Making and Breaking Governments: Cabinets and Legislatures in Parliamentary Democracies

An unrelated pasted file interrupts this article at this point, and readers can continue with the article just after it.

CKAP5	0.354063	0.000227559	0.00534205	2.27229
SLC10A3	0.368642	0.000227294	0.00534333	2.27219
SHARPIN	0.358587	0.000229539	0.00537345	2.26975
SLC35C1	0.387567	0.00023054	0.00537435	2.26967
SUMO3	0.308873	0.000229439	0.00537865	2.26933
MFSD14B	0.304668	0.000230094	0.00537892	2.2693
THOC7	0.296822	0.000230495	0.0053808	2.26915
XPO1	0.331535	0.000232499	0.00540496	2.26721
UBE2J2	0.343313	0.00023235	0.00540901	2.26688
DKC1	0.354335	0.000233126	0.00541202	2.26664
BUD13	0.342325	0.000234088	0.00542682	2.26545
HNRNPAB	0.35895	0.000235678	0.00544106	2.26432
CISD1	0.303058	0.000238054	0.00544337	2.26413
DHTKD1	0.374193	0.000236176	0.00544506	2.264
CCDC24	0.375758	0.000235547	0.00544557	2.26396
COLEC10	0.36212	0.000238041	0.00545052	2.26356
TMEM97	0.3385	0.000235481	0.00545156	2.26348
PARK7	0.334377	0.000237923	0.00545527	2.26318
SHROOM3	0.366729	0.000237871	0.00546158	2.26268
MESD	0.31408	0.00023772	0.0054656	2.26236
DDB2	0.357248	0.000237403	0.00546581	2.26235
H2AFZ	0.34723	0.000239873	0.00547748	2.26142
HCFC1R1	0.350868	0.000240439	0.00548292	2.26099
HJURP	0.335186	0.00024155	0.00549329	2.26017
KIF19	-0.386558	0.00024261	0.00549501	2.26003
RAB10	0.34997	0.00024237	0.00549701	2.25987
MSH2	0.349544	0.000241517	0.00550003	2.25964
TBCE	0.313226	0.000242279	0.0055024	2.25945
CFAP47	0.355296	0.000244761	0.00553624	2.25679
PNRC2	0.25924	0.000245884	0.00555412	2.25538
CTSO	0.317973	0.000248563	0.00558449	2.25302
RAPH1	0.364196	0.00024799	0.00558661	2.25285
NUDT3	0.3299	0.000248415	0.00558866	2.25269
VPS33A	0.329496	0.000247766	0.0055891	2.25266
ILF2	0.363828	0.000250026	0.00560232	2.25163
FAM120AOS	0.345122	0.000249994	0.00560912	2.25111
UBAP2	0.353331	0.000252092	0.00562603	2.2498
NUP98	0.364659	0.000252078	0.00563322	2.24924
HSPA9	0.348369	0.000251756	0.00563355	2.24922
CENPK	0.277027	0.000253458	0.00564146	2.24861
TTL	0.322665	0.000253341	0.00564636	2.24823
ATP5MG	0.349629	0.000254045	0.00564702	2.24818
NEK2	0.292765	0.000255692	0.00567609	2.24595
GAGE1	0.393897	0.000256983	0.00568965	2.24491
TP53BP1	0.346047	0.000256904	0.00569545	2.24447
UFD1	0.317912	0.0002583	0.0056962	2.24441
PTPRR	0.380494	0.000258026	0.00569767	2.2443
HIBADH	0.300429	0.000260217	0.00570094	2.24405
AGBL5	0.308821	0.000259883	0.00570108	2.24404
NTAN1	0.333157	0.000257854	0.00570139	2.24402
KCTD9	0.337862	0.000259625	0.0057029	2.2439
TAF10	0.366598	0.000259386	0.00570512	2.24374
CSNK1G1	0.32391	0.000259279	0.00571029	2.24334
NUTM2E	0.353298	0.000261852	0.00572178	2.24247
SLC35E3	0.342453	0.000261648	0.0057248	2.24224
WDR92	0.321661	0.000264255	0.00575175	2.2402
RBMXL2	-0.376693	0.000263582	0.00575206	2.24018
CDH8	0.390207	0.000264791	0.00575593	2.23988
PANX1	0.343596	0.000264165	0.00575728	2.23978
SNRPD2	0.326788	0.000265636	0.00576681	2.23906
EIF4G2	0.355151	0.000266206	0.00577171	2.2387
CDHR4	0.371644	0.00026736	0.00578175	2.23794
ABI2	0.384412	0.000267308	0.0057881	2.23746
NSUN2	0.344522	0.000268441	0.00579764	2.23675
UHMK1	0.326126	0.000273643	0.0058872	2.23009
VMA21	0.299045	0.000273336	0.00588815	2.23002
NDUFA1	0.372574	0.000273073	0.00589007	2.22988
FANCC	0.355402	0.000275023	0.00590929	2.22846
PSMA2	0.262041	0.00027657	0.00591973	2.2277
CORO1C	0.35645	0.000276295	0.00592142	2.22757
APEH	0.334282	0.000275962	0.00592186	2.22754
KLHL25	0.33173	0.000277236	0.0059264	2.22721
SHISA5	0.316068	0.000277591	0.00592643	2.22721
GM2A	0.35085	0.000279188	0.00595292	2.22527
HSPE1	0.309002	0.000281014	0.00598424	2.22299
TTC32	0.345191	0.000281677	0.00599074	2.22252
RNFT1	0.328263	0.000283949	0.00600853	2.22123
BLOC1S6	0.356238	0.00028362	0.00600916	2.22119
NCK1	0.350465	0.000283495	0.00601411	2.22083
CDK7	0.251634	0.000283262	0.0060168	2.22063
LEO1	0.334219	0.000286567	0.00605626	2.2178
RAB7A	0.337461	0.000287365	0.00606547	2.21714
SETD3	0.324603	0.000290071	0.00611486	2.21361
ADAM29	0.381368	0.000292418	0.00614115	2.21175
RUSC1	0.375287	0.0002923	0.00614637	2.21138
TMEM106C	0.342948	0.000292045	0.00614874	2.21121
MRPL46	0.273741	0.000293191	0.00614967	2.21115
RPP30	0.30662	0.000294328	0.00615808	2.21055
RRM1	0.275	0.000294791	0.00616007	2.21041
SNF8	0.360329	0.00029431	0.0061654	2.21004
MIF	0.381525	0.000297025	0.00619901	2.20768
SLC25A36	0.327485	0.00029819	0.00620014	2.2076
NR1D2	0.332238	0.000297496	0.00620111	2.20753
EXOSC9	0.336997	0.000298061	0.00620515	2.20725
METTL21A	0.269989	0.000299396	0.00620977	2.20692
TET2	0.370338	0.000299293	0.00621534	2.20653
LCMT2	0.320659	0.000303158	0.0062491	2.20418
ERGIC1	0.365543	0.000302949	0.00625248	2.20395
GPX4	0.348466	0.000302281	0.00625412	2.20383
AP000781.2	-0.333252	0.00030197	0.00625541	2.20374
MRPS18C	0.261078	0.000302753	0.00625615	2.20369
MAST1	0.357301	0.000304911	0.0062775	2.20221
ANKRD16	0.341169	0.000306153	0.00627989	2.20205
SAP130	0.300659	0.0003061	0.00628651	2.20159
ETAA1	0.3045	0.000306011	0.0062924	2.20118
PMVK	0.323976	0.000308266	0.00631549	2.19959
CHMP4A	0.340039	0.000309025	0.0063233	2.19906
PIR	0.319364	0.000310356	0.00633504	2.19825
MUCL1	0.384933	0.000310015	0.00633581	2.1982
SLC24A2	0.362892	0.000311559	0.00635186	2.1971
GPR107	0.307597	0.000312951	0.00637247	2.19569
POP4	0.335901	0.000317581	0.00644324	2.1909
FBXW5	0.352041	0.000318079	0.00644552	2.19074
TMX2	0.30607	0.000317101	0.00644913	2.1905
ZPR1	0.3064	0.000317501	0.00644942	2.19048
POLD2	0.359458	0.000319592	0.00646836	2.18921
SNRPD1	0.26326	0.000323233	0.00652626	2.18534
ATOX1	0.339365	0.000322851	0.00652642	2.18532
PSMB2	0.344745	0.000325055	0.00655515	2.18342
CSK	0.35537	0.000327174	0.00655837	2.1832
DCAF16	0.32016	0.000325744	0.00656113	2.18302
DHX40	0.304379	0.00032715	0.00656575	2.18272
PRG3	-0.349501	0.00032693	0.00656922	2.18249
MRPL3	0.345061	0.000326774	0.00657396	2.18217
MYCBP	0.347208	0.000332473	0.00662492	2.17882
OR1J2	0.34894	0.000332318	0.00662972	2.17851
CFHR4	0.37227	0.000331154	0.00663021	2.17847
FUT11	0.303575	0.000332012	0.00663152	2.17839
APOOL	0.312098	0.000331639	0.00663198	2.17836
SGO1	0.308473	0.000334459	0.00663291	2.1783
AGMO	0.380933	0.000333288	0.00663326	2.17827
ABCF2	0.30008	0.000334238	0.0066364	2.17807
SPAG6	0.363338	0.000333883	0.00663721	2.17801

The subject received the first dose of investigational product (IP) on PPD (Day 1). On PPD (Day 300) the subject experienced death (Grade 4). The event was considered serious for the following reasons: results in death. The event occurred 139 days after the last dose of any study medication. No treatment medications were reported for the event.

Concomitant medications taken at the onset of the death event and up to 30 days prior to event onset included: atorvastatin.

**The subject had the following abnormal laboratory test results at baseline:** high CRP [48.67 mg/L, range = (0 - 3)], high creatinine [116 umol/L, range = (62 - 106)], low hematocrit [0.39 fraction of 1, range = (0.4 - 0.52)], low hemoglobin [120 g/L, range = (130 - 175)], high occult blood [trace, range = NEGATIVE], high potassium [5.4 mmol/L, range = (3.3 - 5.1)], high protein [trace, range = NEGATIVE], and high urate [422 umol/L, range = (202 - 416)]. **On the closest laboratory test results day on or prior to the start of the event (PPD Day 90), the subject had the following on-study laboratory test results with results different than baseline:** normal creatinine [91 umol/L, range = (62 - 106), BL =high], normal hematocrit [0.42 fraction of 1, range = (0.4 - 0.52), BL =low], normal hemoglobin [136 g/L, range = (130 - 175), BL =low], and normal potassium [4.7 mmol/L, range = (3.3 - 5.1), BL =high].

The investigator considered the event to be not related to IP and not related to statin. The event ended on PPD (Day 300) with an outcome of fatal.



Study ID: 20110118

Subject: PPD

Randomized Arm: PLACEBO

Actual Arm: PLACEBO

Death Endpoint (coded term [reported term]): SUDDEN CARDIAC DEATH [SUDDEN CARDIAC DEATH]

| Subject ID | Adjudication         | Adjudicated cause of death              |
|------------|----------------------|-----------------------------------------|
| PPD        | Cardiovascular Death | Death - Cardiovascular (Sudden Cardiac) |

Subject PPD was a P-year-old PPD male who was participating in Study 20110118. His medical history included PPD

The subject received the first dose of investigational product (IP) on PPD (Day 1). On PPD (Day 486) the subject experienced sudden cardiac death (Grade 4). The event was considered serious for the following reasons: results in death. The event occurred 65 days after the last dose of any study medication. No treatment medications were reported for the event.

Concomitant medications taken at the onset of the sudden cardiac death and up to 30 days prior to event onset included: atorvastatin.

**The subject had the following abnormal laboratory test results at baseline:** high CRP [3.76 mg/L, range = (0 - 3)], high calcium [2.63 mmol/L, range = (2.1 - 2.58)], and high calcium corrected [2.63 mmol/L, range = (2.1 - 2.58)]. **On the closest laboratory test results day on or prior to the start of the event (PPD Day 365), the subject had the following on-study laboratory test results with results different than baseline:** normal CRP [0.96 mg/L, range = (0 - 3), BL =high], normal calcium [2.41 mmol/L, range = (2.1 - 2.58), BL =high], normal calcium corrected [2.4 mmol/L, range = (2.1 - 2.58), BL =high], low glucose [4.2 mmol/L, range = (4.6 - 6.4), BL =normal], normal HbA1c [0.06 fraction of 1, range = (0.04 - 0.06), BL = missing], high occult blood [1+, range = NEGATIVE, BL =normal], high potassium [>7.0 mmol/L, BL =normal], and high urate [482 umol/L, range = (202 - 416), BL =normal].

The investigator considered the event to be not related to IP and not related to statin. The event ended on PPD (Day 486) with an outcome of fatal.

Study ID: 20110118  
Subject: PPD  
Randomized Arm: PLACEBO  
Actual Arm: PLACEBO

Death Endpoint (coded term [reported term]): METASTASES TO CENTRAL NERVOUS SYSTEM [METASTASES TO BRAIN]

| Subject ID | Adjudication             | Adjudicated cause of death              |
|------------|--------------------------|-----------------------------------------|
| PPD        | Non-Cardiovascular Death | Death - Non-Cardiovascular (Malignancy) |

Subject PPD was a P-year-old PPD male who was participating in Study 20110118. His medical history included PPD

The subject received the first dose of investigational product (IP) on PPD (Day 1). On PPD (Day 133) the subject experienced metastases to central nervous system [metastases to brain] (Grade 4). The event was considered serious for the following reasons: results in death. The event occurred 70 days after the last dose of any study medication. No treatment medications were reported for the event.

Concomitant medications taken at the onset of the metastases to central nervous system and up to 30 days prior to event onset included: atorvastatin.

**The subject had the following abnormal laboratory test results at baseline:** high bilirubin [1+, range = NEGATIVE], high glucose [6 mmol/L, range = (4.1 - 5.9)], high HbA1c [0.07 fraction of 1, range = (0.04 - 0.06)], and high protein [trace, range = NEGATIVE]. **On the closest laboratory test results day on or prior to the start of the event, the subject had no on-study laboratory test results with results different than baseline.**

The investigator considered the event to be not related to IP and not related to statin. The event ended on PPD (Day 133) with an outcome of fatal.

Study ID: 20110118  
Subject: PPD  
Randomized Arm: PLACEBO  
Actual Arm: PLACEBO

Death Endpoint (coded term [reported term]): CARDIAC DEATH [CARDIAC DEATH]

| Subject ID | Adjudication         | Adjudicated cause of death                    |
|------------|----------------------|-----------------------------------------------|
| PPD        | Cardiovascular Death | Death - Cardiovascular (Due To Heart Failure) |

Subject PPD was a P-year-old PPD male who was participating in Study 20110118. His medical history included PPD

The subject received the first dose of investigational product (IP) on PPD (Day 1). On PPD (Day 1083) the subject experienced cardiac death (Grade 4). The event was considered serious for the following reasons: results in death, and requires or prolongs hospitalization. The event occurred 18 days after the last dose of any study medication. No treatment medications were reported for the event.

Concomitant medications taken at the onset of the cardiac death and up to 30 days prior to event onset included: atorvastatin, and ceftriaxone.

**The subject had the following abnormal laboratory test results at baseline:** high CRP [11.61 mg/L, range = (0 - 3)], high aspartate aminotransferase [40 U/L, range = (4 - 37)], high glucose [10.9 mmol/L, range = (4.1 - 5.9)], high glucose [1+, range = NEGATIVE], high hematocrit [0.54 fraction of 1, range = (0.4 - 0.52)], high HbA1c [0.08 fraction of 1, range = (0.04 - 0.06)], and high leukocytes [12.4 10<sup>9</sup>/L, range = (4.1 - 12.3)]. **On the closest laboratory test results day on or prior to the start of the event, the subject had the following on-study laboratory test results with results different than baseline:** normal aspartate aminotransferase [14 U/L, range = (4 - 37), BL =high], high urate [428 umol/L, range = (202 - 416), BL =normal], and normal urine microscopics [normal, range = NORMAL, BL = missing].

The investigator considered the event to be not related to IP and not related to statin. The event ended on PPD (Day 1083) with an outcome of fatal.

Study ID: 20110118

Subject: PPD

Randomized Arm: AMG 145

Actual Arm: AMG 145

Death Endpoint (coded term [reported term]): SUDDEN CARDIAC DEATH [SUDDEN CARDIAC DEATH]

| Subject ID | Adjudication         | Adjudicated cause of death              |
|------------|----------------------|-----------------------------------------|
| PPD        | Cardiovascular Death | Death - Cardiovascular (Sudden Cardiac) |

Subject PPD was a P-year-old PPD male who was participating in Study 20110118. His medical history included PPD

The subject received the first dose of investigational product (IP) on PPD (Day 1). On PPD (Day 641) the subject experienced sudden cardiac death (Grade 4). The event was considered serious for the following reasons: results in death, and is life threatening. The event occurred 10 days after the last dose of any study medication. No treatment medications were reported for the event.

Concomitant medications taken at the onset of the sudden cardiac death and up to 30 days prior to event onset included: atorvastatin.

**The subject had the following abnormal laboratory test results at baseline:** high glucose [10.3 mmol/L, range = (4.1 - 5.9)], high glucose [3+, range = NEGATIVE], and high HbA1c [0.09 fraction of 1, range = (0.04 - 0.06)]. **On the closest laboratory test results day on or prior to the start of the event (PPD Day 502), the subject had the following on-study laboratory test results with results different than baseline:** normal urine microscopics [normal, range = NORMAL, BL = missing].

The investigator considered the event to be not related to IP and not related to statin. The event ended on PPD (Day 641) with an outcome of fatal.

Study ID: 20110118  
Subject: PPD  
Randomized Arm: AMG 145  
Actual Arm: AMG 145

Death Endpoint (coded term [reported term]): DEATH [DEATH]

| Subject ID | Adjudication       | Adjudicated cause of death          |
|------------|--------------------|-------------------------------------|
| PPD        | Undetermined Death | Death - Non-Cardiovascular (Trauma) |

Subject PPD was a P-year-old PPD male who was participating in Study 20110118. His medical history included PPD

Making and breaking goverments offers a theorical argument about how parliamentary democracy works. The heart of a parliamentary regime is the process by which the elected representatives choose a goverment, consisting of a cabinet and ministers, to serve as the executive arm of the regime. Strategic interaction among parliamentary parties creates new governments and either maintains them in office or, after a resignation or vote of no confidence, replaces them with some alternative government. The authors formulate a theorical model of this strategic interaction, derive consequences, formulate empirical hypotheses on the basis of these, and test the hypotheses with data drawn from the postwar European experince with parliamentary democracy.
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